Rambling through Romans (10): 1:19-32 (Part II)
19 This is because what is known about God should be plain to them because God made it plain to them. 20 Ever since the creation of the world, God’s invisible qualities—God’s eternal power and divine nature—have been clearly seen, because they are understood through the things God has made. So humans are without excuse. 21 Although they knew God, they didn’t honor God as God or thank him. Instead, their reasoning became pointless, and their foolish hearts were darkened. 22 While they were claiming to be wise, they made fools of themselves. 23 They exchanged the glory of the immortal God for images that look like mortal humans: birds, animals, and reptiles. 24 So God abandoned them to their hearts’ desires, which led to the moral corruption of degrading their own bodies with each other. 25 They traded God’s truth for a lie, and they worshipped and served the creation instead of the creator, who is blessed forever. Amen.
Paul lays great stress here on the effects of sin on our minds (vv.21-22, 25, 28, 31, 32). This is what theologians call the “noetic” effects of sin. Most commentators see that Paul is here offering an interpretation of Genesis 1 here in the interest of his polemical purpose (yet to be fully seen). So it seems right to begin there in explaining the effects of our rebellion against God on our mental capacities. Baxter Kruger expounds this for us nicely:
“The actual Fall came before they ate the fruit. They fell when they stopped believing the truth and believed the lie of the serpent. In that moment, the razor cut through their souls, assurance was shredded, and anxiety infiltrated the scene of human history. Eating the fruit itself was the first fruit, the first response to the great anxiety that swept into their hearts when they believed the lie. The serpent convinced them that God was holding out on them, that He was not giving them everything they should have, that they were not yet everything they could be. He convinced them that they were missing out. What happened to Adam and Eve’s assurance when they believed that lie? What happened to their security and peace when they believed that God was holding out on them, that they were not everything they could be, that they were missing out on the real glory? Their assurance and security and peace were destroyed, and their souls were baptized with the lethal roux of anxiety and insecurity and guilt. Adam and Eve suddenly knew good and evil. Moreover, the baptism of anxiety instantly colored the way Adam and Eve perceived the world around them and one another. That baptism produced hiding, self-protection and self-centeredness, which acted together with their colored perception to obliterate their freedom for fellowship.”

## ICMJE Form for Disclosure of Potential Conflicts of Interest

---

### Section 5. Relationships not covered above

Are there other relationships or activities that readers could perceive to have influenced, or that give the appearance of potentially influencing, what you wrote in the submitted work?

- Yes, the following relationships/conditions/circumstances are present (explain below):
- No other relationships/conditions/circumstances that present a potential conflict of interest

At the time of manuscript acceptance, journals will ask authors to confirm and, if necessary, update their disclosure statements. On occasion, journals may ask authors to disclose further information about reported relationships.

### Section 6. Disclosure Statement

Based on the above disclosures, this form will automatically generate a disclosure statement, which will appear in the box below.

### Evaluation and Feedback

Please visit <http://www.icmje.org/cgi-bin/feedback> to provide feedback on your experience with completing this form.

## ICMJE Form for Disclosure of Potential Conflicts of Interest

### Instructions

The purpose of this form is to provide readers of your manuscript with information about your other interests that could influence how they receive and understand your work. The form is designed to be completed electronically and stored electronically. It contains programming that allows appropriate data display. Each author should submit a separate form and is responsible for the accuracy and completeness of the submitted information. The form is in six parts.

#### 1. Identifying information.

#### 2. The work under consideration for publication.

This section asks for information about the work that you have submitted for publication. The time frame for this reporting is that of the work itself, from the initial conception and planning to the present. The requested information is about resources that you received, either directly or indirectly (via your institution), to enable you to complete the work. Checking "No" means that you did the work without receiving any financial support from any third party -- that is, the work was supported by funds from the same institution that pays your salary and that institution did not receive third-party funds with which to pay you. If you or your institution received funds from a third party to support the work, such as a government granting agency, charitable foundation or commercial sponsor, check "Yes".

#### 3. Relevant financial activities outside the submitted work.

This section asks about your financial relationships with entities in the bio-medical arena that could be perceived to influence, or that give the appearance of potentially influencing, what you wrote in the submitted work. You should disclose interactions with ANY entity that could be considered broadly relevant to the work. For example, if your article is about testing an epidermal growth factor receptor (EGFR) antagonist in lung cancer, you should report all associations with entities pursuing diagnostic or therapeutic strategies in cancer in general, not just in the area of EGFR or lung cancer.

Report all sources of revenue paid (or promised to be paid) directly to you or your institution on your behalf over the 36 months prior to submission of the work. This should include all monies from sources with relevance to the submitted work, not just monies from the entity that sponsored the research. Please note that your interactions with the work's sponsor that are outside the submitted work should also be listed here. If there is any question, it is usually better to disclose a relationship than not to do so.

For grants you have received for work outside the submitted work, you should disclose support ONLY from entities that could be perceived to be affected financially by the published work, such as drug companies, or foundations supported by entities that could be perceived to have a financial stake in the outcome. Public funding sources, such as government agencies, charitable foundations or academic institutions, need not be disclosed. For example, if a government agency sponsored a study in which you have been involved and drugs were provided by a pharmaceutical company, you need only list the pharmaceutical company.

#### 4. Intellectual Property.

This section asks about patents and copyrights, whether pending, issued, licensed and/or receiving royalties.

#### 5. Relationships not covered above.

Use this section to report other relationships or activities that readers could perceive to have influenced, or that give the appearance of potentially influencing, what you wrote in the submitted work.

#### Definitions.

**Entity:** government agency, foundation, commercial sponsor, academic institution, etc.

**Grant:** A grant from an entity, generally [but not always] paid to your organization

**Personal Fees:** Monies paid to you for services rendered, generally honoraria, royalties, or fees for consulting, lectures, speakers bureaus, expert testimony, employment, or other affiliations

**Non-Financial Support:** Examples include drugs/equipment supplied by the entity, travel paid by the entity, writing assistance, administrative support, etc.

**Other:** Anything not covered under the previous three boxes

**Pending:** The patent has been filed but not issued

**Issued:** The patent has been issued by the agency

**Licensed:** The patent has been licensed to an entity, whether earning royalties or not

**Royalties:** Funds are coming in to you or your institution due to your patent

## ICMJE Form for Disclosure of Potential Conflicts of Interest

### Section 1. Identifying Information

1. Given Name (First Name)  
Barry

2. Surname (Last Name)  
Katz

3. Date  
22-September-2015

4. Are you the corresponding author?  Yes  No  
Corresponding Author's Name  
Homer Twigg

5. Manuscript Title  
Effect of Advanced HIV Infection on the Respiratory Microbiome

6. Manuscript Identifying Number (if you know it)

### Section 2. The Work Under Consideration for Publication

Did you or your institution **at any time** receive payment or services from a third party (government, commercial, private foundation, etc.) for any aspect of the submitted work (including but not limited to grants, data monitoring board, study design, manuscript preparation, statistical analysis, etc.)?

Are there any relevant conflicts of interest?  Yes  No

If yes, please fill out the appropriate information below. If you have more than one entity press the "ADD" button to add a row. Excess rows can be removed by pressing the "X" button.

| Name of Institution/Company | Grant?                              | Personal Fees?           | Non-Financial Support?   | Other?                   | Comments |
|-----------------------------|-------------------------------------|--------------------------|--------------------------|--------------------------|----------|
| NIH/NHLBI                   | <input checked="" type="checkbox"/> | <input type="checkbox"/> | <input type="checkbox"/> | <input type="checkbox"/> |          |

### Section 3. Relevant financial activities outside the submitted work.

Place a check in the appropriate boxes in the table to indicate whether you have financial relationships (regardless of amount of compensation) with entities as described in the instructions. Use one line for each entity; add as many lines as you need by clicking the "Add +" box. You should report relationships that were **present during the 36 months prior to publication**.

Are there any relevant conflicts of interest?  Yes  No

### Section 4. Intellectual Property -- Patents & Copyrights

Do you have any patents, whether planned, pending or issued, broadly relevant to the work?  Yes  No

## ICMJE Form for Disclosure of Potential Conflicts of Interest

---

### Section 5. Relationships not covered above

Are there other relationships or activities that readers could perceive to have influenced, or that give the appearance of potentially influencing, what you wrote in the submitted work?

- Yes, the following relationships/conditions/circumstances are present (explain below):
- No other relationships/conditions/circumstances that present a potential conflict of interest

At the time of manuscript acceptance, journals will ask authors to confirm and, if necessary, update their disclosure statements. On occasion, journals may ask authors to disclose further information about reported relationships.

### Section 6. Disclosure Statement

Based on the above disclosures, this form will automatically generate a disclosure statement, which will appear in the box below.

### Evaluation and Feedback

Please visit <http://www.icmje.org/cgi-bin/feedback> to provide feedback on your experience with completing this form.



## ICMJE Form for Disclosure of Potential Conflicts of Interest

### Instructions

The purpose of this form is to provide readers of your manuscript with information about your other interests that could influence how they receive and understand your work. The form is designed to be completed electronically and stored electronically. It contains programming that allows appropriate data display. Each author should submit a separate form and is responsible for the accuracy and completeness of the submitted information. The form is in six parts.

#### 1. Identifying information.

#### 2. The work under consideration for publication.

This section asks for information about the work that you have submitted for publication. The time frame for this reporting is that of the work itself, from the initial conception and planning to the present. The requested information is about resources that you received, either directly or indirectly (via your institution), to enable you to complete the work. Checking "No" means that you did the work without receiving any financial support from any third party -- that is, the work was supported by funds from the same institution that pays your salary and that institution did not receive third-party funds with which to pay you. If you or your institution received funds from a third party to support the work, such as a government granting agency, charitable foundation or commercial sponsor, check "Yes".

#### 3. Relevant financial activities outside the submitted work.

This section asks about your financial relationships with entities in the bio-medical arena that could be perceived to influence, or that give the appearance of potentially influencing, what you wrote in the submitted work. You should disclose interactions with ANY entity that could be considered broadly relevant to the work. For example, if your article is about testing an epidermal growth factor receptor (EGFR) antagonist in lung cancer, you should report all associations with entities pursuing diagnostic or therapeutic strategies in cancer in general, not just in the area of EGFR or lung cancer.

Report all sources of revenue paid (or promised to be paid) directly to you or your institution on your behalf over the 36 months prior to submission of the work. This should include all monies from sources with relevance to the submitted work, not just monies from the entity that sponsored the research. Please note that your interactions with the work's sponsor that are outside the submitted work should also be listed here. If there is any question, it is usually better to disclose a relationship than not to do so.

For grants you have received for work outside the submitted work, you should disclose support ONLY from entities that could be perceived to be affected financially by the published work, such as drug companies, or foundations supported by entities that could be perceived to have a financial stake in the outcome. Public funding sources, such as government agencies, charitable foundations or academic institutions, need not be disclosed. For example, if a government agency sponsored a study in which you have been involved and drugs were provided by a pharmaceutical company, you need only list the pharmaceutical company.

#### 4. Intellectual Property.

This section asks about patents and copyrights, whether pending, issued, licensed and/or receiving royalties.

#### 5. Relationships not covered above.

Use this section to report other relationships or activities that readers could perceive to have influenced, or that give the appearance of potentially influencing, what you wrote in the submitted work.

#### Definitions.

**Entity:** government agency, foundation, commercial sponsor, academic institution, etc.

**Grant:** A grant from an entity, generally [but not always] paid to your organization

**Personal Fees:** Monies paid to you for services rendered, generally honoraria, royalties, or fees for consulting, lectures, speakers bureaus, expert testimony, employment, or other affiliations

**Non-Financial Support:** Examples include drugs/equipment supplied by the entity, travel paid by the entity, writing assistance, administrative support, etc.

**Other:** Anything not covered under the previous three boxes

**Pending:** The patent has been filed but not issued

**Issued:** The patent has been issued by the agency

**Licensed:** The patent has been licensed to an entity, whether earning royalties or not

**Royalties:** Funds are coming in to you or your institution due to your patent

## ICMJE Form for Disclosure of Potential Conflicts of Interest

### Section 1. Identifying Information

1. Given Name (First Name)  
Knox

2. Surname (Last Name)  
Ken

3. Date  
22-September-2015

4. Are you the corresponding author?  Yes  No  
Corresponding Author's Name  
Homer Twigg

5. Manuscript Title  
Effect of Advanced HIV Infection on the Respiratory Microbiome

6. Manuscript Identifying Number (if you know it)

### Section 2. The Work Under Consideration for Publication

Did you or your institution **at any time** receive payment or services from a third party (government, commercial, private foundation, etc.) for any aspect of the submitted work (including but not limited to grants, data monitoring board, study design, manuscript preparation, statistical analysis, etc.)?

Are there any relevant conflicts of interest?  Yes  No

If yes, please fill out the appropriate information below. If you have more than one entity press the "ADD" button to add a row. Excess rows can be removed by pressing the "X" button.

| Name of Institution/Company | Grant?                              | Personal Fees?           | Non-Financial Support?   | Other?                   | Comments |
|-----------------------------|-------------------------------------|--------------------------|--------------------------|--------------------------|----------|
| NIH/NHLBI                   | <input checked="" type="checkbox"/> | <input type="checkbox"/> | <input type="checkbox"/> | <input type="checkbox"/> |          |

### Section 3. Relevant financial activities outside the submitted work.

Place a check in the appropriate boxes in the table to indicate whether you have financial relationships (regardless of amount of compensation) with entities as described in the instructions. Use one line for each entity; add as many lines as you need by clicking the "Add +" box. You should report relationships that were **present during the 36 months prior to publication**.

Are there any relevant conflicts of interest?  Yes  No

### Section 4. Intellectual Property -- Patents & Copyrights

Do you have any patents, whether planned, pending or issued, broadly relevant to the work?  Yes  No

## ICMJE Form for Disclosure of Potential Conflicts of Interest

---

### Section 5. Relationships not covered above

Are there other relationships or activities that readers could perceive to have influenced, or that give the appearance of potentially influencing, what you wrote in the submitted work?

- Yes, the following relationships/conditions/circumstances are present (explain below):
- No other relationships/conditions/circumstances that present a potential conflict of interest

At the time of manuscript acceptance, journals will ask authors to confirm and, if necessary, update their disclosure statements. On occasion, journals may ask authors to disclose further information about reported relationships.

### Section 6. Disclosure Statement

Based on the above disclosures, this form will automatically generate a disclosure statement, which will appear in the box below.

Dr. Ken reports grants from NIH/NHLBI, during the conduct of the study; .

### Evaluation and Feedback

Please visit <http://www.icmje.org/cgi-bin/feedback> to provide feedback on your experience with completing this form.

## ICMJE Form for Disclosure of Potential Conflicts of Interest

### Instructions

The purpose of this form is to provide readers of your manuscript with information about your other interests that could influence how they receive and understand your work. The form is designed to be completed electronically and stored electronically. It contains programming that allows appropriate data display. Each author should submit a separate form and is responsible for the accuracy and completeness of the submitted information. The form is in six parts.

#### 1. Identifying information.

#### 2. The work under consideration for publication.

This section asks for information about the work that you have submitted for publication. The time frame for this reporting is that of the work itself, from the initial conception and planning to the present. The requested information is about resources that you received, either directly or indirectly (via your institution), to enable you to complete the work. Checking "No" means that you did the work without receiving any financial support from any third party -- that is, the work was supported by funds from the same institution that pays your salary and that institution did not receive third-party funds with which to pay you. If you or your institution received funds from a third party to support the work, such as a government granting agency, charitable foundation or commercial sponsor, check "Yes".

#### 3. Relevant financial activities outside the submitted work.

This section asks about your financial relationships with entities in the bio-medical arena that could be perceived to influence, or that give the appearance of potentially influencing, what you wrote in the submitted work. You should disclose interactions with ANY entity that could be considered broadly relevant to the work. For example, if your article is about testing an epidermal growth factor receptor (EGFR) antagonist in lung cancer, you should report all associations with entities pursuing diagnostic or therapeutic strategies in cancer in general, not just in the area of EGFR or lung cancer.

You see, belief on this lie has corrupted our view of God and our view of who we are. This lie has gotten to the core of us, and completely warped all that we hold dear. We are now left with the task of rediscovering and understanding what God originally had in mind for us. However, in order to do this we need to get rid of this lie that has been ingrained into all that we do, and see God for who He is.
When Adam and Eve believed the lie and fell, they ran and hid themselves from God. When they took this lie and believed it, the flood gates of insecurities and guilt were opened up. I believe this belief in the lie caused them to have a perverse perspective… (http://timothywest.wordpress.com/2012/10/12/wanted-the-lie/)
“I think sin is fundamentally a reference problem, followed, of course, by all manner of other rippling relational, social and moral issues. In the fall, Adam’s reference point moved from God to himself. He became self-referential, and thus developed a perception of himself, God and the world from a center in himself and his terrible fear. From that point the human race was trapped in its own way of seeing. If it does not ‘make sense to us’ it cannot be true. Our way of perceiving a person or a situation is the way it is. And that is the problem fraught with utter impossibility. Even the Lord’s presence and self-revelation, and indeed his way of thinking and saving, has to pass through Adam—and our—way of thinking, and thus the Lord himself and all his ways are subject to our judgment. He must make sense to us, or He is not correct, and thus dismissed. So we invent a god in the image of our own self-reference—which, of course, from the Lord’s perspective is utterly incoherent—and judge God’s presence and action by it.”